Myspace Rearranges Furniture, Slaps On Fresh Coat of Paint
Myspace says it's not competing with Facebook anymore. Instead, the social network -- which has lost serious numbers of mainstream users but retained a core of music fans -- is redesigning itself with an entertainment focus. "It's a big risk," said Pund-IT analyst Charles King. "I don't think anyone has really cracked the entertainment hub code ... but Myspace certainly knows its user base, so maybe they can."
Oct 27, 2010 11:31 AM PT
Myspace announced a site redesign Wednesday as it attempts to cement its position as an entertainment niche in social networking and stem the flow of users to the exit door. The News Corp. unit is seeking to become the online destination for "social entertainment" -- a place where Gen Y'rs can share music and videos, as well as share likes and dislikes with fellow fans.
The redesign includes a rebuilt website with a new visual identity and product features that emphasize content. When users log in, their page will be populated with content based on individual interests. They will be able to choose from three options: the traditional Myspace page; a grid view -- a magazine-like format; or a play view that features a video format and can be resized to full screen.
The new Myspace begins rolling out Wednesday in beta and will be available to all users worldwide by the end of November. New users will have immediate access to the beta site.
Myspace is also going on the road with its redesign. The company will soon release a mobile version of the beta site, which will be accessible on any mobile browser. A new Myspace app for iPhone and Android devices will follow later this year.
Myspace was unable to provide TechNewsWorld with further information by press time.
Fighting the Facebook Giant
Myspace has been losing users to Facebook for years. The company clearly needed to reconsider its brand.
"The elephant in the room is Facebook," Charles King, principal analyst at Pund-IT, told TechNewsWorld. "Facebook built its base on making communication easy between friends and family. They created a communications portal in the broadest sense. You can see Myspace headed in the same direction, only with entertainment."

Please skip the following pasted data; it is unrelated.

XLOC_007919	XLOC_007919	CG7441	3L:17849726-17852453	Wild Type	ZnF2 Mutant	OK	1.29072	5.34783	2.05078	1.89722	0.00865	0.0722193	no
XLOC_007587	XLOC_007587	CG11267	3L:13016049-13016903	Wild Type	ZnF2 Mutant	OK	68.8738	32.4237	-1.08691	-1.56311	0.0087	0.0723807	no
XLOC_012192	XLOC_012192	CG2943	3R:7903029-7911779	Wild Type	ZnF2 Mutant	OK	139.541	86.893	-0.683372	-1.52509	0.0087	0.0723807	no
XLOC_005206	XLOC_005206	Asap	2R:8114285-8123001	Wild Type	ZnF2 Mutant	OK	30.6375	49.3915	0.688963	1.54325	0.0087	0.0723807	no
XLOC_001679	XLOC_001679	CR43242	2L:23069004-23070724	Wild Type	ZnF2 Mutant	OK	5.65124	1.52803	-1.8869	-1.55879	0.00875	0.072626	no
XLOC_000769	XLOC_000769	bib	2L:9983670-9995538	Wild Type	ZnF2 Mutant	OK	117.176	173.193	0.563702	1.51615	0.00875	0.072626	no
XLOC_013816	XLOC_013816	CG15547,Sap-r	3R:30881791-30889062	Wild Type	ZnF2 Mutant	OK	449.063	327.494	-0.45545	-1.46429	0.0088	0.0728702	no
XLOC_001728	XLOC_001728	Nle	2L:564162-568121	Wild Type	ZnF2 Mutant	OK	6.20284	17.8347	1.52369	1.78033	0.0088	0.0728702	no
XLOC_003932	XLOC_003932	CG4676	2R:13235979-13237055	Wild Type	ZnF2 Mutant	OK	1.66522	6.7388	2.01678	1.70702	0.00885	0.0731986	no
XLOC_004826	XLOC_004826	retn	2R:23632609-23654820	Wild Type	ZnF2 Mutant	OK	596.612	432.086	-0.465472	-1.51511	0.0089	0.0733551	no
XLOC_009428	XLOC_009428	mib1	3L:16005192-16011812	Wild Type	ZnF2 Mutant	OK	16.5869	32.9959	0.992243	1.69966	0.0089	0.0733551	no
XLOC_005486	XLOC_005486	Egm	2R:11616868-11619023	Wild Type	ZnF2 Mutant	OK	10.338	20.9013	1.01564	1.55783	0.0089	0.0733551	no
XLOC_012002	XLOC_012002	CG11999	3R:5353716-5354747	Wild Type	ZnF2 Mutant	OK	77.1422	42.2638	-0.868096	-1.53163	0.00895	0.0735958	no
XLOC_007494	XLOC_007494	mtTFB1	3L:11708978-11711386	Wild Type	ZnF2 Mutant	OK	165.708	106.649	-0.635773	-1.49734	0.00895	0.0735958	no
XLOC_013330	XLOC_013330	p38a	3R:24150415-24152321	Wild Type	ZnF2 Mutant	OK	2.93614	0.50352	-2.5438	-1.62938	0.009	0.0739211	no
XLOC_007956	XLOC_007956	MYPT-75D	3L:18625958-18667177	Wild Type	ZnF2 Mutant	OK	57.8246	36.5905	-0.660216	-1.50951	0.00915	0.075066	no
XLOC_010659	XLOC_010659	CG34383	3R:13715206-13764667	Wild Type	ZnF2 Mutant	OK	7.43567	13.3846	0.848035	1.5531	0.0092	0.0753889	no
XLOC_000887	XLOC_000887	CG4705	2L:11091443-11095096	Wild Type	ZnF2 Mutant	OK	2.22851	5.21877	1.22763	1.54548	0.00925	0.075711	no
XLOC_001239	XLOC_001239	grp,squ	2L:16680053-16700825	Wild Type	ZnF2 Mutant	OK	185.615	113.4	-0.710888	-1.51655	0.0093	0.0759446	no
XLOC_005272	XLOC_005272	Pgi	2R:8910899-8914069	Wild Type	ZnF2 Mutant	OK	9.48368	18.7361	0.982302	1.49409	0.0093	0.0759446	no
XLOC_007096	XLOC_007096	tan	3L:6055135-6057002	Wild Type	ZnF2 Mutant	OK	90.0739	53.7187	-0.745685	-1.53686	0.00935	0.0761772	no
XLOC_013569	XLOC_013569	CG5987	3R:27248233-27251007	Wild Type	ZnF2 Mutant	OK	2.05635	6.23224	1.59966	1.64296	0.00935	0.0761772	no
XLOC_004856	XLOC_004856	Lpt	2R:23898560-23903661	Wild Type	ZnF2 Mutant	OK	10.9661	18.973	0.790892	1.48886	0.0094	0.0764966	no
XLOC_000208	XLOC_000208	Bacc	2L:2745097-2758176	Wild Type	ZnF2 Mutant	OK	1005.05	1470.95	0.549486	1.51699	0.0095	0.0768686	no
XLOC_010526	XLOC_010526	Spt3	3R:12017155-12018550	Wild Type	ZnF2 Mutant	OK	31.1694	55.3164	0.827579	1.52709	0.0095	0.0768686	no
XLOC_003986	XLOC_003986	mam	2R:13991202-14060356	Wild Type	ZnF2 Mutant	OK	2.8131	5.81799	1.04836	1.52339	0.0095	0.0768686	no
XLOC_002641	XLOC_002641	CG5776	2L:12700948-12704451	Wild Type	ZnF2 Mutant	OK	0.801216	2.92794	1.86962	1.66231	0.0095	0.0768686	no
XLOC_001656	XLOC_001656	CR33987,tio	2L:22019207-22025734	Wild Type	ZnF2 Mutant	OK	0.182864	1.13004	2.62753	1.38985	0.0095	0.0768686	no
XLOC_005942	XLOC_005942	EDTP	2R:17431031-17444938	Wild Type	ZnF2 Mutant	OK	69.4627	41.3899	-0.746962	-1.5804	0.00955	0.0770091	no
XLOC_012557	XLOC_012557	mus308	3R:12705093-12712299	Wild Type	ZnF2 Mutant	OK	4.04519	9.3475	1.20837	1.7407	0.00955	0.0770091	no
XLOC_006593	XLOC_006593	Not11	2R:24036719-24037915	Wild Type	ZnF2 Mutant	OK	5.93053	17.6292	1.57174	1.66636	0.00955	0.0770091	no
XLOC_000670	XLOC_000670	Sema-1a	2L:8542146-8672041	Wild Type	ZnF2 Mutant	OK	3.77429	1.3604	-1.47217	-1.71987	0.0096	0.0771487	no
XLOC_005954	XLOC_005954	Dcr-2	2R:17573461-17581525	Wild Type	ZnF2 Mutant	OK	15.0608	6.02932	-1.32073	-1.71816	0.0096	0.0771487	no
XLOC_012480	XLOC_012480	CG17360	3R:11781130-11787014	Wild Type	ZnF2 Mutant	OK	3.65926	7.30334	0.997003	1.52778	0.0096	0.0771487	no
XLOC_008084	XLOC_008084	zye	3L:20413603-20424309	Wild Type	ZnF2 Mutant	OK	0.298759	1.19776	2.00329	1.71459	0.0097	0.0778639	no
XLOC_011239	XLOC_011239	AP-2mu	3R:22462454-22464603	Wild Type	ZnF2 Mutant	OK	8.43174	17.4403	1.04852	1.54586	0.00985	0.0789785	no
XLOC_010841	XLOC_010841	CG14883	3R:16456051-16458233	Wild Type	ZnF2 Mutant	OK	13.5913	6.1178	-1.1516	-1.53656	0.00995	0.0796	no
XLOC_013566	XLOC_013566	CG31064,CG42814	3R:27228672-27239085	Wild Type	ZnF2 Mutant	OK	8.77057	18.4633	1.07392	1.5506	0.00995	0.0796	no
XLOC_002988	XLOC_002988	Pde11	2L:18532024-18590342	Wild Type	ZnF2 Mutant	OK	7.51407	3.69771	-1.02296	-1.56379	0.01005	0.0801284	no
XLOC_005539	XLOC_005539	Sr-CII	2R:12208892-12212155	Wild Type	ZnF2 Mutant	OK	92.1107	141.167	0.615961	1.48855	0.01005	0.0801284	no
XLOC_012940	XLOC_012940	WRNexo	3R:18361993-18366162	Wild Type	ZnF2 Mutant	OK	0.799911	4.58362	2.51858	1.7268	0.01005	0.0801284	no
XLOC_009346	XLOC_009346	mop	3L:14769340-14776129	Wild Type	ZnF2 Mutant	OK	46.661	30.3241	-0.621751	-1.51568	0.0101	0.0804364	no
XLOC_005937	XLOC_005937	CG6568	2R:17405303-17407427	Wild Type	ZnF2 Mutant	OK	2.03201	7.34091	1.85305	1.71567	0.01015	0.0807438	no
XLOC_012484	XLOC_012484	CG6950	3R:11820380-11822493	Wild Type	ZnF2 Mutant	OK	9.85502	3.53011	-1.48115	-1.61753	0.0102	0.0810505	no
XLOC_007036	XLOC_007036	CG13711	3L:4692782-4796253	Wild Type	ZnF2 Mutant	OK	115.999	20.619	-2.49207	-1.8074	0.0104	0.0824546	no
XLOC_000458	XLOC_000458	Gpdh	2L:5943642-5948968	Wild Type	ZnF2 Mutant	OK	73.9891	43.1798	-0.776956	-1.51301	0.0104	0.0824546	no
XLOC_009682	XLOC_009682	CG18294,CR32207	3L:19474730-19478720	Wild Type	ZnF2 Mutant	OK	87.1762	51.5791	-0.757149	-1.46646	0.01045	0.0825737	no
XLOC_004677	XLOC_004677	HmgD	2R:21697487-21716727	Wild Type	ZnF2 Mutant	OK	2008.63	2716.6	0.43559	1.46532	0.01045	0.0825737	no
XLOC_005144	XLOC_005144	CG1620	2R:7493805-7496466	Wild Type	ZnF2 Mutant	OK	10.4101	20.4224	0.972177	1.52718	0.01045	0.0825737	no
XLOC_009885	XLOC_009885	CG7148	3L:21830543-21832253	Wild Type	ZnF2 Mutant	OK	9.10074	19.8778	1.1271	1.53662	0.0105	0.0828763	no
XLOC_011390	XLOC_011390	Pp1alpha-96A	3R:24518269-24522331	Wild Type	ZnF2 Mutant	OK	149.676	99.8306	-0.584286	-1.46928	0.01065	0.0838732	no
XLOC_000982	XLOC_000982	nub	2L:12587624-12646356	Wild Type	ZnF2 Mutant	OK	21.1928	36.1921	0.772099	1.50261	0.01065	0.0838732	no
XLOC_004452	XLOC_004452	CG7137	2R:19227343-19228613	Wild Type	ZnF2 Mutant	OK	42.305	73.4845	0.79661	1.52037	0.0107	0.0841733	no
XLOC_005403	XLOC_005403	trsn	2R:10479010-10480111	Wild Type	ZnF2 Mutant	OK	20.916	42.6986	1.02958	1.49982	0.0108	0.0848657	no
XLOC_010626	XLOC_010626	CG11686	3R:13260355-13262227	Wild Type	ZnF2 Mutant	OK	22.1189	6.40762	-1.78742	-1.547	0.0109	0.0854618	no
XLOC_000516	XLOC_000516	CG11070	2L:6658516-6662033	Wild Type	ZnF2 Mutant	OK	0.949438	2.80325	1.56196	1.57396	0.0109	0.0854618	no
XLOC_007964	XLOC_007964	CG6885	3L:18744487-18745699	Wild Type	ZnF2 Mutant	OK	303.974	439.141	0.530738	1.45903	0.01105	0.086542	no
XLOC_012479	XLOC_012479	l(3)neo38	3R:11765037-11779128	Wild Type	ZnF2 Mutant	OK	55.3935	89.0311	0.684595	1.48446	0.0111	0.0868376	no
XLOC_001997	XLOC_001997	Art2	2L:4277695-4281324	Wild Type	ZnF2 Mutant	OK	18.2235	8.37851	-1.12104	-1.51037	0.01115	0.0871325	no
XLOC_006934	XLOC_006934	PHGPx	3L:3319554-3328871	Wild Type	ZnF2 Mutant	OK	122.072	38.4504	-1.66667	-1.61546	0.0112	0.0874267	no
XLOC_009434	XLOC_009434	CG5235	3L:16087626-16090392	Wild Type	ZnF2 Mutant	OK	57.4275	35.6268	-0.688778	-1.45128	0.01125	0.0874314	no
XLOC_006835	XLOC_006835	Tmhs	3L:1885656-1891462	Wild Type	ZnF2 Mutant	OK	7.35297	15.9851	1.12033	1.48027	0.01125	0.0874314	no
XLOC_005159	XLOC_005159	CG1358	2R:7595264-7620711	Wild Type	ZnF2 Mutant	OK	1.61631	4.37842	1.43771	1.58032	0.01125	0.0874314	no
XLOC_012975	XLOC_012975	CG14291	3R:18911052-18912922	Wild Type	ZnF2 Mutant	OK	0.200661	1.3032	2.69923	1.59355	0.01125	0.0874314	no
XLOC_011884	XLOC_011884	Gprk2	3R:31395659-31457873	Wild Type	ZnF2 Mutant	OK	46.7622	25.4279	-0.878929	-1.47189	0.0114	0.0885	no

Myspace's ability to compete with Facebook may have been hindered the company's management shakeups. The cofounder and chief executive, Chris DeWolfe, left 18 months ago, right after News Corp. appointed Jonathan Miller to lead its digital media business. Since then, there has been a parade of Myspace leaders coming and going.
Entertainment May Be the Key
While Myspace has lost a large number of its mainstream users, it has grown in the area of independent music lovers who share their passion for new music. For indie bands, Myspace has become an important vehicle for releasing new songs and getting feedback before wider release. The revamped Myspace builds on this core of dedicated users.
There is still plenty of risk in redesigning Myspace's functionality and honing its audience targets.
"There has been a shift to entertainment sites of one sort or another, but it's a big risk," said King. "I don't think anyone has really cracked the entertainment hub code as completely as they would like. But Myspace certainly knows its user base, so maybe they can."
Is Myspace Too Yesterday?
In 2003, Myspace ruled social media almost by itself, but Facebook has virtually eclipsed the site, particularly with mainstream users. One of the difficulties with competing in the social networking space is that users go where their friends gather -- and that's Myspace to a lesser and lesser extent.
"My initial thought is this is too little too late," Laura DiDio, principal analyst at ITIC, told TechNewsWorld. "They became dethroned by Facebook three years ago and they have done nothing noticeable to retain users. You need more than a redesign and new logo when Facebook has become so entrenched."
With Facebook at 500 million users and Myspace at 120 million -- and shrinking -- the company may need a more dramatic move to hold exiting and gain new traffic.
"They need a hook," said DiDio. "They need a partnership with exclusive rights. Facebook has music sites, too. Myspace needs to go where Facebook ain't. People are notoriously fickle and unforgiving, and Myspace is yesterday's news."